Like many people who have turned to comfort food during the pandemic, my client Louise, age 79, had gained weight from “eating junk food and ice cream like crazy, pint containers at a time!” Louise had always been somewhat overweight but her doctors were concerned that her extra pounds were contributing to her high blood pressure and high cholesterol.

“They’re saying I need to eat a more balanced diet,” Louise told me when she returned from her last medical appointment. “Can you help me figure it out? I guess I have to follow that food pyramid thing?”

Louise had been taught, like many of us years ago, about the food pyramid’s basic four food groups: bread, dairy, meat, and fruits and vegetables. The food pyramid was introduced by the U.S. Department of Agriculture in 1992 to offer guidelines for everyone about what to eat each day. However, many studies over the years have shown that the food pyramid is not ideal for everyone and is not detailed enough to be useful. For example, there is no distinction between whole grains and white bread, broccoli and grapes, or healthy fats and unhealthy fats.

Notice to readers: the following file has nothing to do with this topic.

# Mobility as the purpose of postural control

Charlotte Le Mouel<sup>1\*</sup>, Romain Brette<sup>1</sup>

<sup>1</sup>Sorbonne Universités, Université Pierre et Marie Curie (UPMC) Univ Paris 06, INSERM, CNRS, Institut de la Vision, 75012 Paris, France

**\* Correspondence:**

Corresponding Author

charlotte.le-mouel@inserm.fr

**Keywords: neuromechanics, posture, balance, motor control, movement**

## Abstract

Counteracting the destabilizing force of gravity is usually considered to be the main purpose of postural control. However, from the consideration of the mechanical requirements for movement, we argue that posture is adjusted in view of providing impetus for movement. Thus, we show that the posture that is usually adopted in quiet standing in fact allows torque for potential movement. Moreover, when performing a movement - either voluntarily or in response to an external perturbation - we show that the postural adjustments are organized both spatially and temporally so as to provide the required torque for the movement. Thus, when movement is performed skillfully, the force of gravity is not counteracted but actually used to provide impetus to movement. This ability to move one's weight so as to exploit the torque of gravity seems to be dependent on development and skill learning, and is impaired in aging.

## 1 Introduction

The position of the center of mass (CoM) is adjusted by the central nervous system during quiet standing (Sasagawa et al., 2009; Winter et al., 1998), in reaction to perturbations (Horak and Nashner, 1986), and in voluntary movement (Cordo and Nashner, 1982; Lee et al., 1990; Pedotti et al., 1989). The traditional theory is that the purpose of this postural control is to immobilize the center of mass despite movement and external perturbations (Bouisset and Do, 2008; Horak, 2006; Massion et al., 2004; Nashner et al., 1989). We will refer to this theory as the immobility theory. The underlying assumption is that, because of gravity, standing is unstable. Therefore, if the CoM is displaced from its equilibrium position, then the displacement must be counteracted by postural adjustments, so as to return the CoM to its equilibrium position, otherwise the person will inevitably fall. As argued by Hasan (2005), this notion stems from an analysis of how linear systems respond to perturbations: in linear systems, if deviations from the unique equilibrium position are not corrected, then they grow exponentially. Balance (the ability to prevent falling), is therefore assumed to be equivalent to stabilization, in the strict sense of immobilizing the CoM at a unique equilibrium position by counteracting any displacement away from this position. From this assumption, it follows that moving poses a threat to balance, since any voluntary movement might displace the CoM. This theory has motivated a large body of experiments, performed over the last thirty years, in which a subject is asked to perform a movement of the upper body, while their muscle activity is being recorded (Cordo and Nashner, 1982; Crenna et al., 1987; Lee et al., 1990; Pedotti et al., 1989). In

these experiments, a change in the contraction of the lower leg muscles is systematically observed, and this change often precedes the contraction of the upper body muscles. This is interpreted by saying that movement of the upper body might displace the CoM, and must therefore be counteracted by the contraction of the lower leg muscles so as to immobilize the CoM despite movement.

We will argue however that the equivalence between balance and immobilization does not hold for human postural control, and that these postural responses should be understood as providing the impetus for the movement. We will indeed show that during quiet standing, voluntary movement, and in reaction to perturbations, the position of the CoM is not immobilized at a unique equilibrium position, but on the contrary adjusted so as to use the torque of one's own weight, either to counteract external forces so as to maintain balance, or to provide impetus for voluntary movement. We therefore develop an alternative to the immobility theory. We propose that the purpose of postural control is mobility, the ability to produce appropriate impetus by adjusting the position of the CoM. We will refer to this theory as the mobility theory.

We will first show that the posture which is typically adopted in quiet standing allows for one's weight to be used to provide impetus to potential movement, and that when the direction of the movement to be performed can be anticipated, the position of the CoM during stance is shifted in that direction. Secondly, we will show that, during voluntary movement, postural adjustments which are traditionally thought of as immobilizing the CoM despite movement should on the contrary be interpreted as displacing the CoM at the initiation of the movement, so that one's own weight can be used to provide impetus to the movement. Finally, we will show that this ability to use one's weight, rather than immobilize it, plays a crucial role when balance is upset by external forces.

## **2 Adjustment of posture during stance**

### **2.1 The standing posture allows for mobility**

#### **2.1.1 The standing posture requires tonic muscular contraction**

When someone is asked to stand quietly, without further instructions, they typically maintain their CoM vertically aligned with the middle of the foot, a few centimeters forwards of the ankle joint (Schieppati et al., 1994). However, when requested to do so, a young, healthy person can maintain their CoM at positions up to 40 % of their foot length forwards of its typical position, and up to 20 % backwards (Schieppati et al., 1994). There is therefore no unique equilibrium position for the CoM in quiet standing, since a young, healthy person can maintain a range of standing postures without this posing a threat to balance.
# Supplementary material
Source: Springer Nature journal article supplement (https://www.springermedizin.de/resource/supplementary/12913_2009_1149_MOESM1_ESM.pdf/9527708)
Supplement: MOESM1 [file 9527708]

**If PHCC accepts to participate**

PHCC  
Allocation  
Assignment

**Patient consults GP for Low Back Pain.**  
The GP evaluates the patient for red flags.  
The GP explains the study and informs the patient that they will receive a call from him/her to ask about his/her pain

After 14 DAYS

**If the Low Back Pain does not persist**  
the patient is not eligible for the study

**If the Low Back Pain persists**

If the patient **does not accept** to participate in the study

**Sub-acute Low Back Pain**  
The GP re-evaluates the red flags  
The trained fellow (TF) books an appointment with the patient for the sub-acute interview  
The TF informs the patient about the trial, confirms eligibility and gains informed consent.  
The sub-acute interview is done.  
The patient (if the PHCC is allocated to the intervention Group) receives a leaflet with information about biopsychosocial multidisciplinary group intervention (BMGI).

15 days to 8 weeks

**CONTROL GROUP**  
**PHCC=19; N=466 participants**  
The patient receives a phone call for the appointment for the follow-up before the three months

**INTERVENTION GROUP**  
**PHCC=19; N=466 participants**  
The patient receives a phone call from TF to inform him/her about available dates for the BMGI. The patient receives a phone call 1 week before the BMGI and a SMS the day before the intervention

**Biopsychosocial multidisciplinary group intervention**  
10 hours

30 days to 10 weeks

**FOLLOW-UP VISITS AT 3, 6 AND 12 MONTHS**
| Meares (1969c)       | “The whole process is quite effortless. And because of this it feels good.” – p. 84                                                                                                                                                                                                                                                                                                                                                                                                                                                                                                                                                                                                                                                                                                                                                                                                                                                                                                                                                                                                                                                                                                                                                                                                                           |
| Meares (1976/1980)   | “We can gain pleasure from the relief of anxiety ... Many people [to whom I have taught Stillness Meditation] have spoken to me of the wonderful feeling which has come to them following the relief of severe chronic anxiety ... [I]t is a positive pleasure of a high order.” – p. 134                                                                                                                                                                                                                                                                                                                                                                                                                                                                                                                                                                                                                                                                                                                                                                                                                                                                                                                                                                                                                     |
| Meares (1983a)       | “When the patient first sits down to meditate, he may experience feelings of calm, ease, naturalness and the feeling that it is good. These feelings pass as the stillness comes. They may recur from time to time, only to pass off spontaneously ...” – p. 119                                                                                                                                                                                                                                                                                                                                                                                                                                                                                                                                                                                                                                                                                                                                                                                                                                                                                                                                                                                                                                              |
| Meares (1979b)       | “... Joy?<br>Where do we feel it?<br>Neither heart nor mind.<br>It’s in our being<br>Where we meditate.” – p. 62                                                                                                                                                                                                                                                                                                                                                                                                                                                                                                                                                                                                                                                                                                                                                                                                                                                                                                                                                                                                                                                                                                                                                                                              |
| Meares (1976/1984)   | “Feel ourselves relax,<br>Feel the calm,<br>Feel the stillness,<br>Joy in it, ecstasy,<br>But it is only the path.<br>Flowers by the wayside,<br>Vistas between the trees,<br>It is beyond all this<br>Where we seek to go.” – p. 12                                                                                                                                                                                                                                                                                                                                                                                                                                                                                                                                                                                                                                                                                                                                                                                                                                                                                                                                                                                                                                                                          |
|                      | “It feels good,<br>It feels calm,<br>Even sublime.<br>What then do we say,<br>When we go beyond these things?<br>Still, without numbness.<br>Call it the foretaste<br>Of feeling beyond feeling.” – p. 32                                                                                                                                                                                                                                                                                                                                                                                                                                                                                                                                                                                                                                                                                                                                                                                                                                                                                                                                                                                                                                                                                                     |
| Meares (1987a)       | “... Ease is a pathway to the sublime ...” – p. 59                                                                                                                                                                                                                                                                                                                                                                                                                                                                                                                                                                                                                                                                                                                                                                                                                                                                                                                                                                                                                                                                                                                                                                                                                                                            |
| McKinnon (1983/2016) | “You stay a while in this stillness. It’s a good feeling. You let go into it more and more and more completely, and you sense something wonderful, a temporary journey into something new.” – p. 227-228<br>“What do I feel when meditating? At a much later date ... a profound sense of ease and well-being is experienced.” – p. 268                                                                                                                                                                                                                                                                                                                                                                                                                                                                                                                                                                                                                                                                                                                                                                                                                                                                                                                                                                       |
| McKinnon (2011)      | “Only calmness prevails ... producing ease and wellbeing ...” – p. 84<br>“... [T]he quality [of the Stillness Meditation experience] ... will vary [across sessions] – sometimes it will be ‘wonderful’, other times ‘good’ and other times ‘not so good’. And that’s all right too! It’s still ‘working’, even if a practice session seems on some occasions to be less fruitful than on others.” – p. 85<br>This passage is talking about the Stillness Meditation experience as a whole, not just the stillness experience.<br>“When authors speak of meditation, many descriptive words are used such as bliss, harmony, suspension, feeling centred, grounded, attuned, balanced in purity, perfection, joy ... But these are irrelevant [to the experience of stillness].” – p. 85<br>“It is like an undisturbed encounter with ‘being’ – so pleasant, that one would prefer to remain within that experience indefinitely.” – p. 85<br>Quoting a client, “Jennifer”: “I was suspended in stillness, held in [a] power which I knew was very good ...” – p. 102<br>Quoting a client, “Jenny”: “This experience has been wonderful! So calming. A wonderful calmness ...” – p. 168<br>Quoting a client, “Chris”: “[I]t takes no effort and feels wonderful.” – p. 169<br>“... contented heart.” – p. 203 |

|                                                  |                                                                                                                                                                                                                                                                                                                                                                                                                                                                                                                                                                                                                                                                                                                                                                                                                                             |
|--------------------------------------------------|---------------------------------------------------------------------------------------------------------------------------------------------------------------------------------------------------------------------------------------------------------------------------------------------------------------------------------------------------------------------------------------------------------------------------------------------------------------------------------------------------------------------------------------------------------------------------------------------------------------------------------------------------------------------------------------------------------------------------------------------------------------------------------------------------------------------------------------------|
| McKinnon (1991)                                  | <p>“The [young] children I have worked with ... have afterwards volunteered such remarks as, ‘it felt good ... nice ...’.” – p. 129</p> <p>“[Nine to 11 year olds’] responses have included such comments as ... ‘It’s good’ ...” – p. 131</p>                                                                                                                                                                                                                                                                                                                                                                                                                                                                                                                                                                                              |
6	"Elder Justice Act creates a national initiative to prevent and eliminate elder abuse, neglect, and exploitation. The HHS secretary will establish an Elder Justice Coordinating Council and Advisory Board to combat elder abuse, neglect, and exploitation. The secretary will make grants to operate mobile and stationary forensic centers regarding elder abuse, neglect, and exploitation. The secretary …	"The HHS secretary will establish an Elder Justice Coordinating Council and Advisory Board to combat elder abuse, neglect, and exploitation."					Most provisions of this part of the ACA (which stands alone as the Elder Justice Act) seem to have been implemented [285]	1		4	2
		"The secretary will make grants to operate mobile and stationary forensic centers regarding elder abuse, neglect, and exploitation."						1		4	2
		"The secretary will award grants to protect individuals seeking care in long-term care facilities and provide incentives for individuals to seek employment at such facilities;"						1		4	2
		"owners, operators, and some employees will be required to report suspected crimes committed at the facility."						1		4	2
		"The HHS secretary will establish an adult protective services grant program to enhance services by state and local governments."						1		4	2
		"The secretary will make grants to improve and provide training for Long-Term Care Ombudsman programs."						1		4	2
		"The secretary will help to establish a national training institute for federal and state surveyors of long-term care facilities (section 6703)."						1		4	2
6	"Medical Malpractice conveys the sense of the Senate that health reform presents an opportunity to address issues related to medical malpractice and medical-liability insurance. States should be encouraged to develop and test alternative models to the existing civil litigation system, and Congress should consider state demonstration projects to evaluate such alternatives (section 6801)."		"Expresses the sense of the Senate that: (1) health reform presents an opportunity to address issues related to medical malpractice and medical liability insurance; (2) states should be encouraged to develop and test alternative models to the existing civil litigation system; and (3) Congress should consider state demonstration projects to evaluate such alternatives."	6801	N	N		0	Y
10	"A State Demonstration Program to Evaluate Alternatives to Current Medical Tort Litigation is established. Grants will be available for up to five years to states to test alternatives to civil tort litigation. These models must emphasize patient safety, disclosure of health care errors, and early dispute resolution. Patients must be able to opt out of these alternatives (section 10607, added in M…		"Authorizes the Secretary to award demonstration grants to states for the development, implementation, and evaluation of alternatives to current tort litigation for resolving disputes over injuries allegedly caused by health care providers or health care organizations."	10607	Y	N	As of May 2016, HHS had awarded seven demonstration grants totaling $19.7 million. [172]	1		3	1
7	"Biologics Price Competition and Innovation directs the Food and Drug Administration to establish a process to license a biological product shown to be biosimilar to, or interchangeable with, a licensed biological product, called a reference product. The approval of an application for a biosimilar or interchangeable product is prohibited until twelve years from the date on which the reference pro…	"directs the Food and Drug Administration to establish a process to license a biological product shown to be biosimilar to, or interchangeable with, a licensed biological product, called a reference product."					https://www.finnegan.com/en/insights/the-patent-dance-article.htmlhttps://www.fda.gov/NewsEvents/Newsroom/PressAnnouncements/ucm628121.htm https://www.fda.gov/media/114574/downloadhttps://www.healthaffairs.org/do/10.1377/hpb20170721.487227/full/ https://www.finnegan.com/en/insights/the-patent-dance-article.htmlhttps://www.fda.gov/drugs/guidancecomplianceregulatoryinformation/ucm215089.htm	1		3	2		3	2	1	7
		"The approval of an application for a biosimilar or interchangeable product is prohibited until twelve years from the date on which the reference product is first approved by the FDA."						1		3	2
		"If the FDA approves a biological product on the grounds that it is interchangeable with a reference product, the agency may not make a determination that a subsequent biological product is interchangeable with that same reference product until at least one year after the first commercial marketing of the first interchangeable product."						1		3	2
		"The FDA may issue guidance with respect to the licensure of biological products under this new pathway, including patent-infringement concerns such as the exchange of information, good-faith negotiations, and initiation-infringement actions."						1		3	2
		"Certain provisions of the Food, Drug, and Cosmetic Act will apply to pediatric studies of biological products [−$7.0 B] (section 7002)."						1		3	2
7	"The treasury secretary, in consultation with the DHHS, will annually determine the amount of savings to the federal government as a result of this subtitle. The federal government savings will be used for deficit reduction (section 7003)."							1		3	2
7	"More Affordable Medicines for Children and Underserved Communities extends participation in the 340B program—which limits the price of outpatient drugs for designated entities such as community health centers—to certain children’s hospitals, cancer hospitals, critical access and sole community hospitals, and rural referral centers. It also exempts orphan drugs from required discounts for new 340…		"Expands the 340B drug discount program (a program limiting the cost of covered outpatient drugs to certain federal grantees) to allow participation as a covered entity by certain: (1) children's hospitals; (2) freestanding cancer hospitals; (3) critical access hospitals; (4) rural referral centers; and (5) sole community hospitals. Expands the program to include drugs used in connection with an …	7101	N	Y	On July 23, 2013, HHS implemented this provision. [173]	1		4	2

In contrast to the food pyramid, the Healthy Eating Plate focuses on diet quality. The moderate use of healthy plant oils is encouraged, sugary beverages are discouraged, and the types of carbohydrates matter, not the amounts. The Healthy Eating Plate advises limiting red meats and processed meats such as bacon and sausage and eating a half-plate of vegetables and fruits, a quarter-plate of whole grains, and a quarter-plate of protein.

I helped Louise plan her menus and a grocery list. We looked through her pantry and identified the junk foods and sugary sodas that weren’t good for her. But Louise didn’t have to give up all of her favorite foods. Her doctor told her that she could have an occasional serving of ice cream or a square of dark chocolate. She just couldn’t eat these sweets to excess as she had been doing. Together we created a list of things that she would add to her grocery delivery list each week that would help her maintain her new plan.

It would be a bit of an adjustment for her to make changes in her diet, but Louise also realized that the “comfort food” she was eating was a response to the loneliness she felt due to pandemic restrictions. She decided that she would make an effort to call a friend or go for a walk when she had a food craving. Good health is not only eating a healthy diet, but it’s tending to our whole selves: body, mind, and spirit.

If you or someone in your family are facing aging challenges, please give us a call at 850-894-6720 or email us at We’ll be happy to assist!